Saturday, December 6, 2008

Growing the Cojones to Leave Scientology

From time to time I receive e-mails from moderate ex-members who share my views. It is always rewarding, especially when they have been substantially helped by the information contained on my web site. I have webbed such an example on my Scientology kids page. Check also this blog entry for another example, but I have many more on my email archive.

Often, it helps ex-members to know that not everything in Scientology is either rabid anti-Scientologists or fanatical CoSers, and that there exists a "third way" that is neither nor one or the other and that goes beyond both on the path that ultimately amounts to a spiritual journey.

On occasion also, it helps members who are on the edge to break away from the bond of Scientology more than other critical web sites. Indeed, they are quickly put off by the exaggerations and distortions most critical web sites typically engage into, whereas on my site they find a more gentle approach, as well as a stand against the myths they can observe for themselves at various places on the net. They thus tend to listen more attentively to a critical view, which in turn can bring them to think about it all.

Below is the email I received today, from a lady who grew up a Scientologist and gradually broke away from Scientology. The email is published with permission.

I am very gratified to read your perspective both on Scientology and the Anti-Cult freaks that so mischaracterize it. I was born and raised in a Scientologist family, with a very strong willed and critical thinking Scientologist mom, while Dad was less critical but perhaps more deeply philosophically-minded – together they made a fine, inquisitive pair.

Like you, I have noticed that there are cultish aspects of the church that are both encouraged by some of LRH's writings while completely contradicted by others. My big cognition was that the EP of Scientology was growing the cojones to leave Scientology.

Anyway, it really heartened me to read your perspective, because I deeply appreciate much of what I learned in the CoS, and I wouldn't trade the training and study I had as a young adult and adolescent for anything. It was a great way to grow up and it instilled in me a lust for learning and bent for philosophical inquiry that benefits me to this day. The anti-Scientology comments from overwrought critics annoy the hell out of me. It's sheer ignorance and closed-mindedness. I am also annoyed at my friends who constantly tease me when I still use the term "we" while gently correcting their misinformation regarding the beliefs of Scientologists (after spending most of my life identifying with that group, it slips out sometimes) and who make cult jokes and rib me about Xenu. Like you, I walk the middle ground, defend Scientology when appropriate, and agree with criticism when appropriate. I am very glad to know that I am not the only one!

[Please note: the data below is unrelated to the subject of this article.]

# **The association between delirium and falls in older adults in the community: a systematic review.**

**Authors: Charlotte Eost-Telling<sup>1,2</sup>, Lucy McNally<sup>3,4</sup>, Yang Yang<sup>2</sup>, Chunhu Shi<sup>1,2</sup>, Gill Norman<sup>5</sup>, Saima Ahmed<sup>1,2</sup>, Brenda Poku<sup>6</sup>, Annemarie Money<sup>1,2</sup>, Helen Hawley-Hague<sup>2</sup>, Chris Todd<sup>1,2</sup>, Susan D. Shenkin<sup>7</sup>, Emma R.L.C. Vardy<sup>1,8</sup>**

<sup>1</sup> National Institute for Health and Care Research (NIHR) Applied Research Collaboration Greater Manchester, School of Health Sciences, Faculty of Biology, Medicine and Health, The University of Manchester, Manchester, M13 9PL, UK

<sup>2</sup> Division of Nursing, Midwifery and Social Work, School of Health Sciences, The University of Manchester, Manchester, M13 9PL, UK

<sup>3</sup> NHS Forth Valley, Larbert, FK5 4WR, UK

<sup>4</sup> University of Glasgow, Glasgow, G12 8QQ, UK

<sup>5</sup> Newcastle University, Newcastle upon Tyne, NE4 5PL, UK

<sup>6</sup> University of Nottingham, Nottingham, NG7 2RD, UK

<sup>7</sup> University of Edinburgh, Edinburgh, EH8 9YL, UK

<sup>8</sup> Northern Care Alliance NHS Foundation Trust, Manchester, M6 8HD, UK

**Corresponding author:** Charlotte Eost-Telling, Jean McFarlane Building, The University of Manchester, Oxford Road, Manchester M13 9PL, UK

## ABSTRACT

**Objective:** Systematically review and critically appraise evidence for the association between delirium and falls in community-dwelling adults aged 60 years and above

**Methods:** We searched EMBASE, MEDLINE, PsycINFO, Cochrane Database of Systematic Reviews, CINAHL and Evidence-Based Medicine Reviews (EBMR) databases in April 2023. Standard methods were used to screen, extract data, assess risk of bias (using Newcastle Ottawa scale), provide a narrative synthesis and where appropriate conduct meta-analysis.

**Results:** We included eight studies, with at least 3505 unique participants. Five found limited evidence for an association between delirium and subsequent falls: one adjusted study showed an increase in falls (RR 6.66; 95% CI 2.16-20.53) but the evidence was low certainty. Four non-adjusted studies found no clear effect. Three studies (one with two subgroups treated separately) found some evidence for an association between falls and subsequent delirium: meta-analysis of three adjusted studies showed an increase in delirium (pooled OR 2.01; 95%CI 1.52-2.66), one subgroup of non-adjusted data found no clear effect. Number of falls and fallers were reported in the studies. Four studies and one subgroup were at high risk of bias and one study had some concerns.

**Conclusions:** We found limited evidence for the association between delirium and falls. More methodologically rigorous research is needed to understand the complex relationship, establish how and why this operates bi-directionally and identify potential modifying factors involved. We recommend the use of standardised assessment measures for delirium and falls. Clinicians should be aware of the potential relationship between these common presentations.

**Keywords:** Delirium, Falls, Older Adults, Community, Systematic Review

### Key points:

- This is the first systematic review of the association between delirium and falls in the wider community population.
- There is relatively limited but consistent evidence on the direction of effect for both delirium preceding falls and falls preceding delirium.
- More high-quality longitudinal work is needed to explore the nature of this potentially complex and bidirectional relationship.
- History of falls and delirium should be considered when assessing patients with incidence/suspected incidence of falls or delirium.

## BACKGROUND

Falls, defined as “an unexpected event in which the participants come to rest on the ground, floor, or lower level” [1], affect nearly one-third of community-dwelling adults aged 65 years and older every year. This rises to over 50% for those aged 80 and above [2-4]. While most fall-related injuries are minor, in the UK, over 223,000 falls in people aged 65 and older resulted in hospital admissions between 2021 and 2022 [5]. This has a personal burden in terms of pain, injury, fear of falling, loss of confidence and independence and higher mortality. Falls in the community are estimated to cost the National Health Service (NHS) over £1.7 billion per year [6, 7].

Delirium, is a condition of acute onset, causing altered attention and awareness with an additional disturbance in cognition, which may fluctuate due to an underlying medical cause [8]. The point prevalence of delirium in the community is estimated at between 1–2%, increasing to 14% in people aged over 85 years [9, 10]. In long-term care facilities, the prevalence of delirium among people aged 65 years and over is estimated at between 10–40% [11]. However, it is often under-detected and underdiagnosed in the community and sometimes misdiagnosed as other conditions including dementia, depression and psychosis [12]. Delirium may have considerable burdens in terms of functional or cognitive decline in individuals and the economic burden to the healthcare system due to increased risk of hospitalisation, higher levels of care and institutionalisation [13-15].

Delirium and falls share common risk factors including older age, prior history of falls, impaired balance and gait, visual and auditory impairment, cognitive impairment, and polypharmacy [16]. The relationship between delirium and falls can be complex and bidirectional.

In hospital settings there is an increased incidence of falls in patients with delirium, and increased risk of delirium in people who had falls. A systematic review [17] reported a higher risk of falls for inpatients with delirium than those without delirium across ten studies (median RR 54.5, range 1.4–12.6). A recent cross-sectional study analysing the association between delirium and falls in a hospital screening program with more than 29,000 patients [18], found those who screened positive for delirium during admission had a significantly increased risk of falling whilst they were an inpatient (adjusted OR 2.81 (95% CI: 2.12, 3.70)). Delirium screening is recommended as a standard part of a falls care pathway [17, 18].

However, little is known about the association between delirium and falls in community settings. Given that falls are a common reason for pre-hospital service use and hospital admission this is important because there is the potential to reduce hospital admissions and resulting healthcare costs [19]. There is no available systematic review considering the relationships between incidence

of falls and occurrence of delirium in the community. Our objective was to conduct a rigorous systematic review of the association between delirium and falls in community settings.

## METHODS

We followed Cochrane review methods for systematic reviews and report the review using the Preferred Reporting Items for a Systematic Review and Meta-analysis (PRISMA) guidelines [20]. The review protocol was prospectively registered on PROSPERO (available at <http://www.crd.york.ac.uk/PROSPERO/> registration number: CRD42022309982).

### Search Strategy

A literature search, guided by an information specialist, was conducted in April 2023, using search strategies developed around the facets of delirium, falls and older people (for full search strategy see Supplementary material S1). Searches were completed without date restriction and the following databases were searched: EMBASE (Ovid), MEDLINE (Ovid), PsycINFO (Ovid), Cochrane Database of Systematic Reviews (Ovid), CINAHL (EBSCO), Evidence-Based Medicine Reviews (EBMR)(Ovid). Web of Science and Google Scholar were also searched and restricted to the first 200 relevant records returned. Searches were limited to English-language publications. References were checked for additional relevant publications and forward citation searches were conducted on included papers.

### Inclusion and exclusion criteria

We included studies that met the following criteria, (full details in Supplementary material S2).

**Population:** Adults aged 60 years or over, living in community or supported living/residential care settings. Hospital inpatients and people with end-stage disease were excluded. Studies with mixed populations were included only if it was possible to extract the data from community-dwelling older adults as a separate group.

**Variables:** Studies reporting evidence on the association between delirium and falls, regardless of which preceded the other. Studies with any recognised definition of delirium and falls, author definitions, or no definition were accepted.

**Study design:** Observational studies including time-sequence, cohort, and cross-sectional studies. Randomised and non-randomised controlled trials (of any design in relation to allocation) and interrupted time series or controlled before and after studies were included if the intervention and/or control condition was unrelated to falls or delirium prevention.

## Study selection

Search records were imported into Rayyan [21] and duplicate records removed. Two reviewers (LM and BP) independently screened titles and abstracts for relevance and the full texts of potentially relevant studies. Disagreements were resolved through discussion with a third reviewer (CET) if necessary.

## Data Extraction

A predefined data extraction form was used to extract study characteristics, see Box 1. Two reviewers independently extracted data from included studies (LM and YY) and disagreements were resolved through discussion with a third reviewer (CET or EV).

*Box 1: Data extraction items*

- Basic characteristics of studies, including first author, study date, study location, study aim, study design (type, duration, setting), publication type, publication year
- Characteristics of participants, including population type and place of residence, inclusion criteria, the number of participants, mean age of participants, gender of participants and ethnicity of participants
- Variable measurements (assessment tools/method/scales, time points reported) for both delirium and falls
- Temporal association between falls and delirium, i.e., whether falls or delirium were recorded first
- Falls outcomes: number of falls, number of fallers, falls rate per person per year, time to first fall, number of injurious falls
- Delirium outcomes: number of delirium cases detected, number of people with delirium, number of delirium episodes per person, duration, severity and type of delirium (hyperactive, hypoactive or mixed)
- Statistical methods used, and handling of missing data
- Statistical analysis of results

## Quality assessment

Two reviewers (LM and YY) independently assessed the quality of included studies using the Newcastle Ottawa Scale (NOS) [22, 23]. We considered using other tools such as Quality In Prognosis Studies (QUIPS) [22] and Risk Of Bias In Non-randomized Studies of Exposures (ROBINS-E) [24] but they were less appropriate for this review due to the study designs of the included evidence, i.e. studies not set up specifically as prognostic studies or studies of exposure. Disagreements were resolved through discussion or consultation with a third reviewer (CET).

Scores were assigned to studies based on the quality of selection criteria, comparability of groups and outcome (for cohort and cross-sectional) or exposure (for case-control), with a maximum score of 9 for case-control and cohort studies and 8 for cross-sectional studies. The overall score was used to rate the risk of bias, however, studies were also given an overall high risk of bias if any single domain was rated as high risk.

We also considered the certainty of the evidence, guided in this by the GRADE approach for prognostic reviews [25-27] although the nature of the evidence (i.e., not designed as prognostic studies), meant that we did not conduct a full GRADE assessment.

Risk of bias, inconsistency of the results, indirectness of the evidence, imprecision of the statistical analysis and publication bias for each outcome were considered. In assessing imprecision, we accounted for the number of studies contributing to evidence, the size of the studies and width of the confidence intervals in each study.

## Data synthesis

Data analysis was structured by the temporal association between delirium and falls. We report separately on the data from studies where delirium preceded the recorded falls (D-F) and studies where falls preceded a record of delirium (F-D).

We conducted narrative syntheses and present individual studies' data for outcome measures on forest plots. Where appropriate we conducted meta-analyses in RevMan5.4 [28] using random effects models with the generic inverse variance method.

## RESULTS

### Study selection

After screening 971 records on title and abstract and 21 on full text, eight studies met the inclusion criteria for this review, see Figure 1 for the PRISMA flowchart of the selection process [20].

I am not a Scientologist, but I'm not a non-Scientologist either. I'm my own damn self!

Thank you so much for your website.

R.I.P. - Forrest Ackerman

Forrest Ackerman died Dec. 4 at the age of 92.

Ackerman was a primary contributor to making science-fiction something that could be defined and understood by the masses, right down to coining the phrase "science-fiction" itself. There is not a single aspect of genre culture that he did not inspire, influence, embrace, embody, popularize, promote or have an actual hand in creating.

As an agent, he represented more than 200 authors in the genre, and was instrumental in the rise of greats such as Isaac Asimov, Charles Beaumont, Marion Zimmer Bradley, Ray Bradbury, Ray Harryhausen, Rod Serling, Edward D. Wood Jr.

Why the news is relevant in this blog is because he also was the literary agent and friend of L. Ron Hubbard, long before Dianetics and Scientology.

As a publisher, his Famous Monsters of Filmland, the garish, gushing, goofy fan magazine he launched in 1958, became an acknowledged inspiration to countless future fantasy creators, from Steven Spielberg to Stephen King to budding auteurs not even born when it ceased publication in 1982.

Ackerman was considered as perhaps the science fiction's greatest collector, owner of a huge private collection of science-fiction movie and literary memorabilia that for years filled every nook and cranny of a hillside mansion overlooking Los Angeles, the "Ackermuseum" – which he gladly kept open to the public.

Collated from:

Travolta - A Cut Above the Lot

"From a performance standpoint, the new cast is just as capable as the old, with one odd exception. Mock his love of Scientology, but John Travolta was a much more effective villain in the original Punisher than Dominic West’s Don of Douchebags, Billy Russoti, aka Jigsaw."


Danny Masterson

When asked if the negative press surrounding Scientology, his religion, upsets him, Danny Masterson told Hollyscoop,
"No, because no one ever says anything that makes any sense and no one ever says anything that’s true."

"Also scientology is so new 58 years now at least were not having to deal with the inquisition and the crusades. That’s pretty good."
Masterson's interview coincided with Tom's appearance on Barbara Walters's Most Fascinating People special, which featured Tom at number 9.
"You can tease Tom all you want I don’t really think he cares."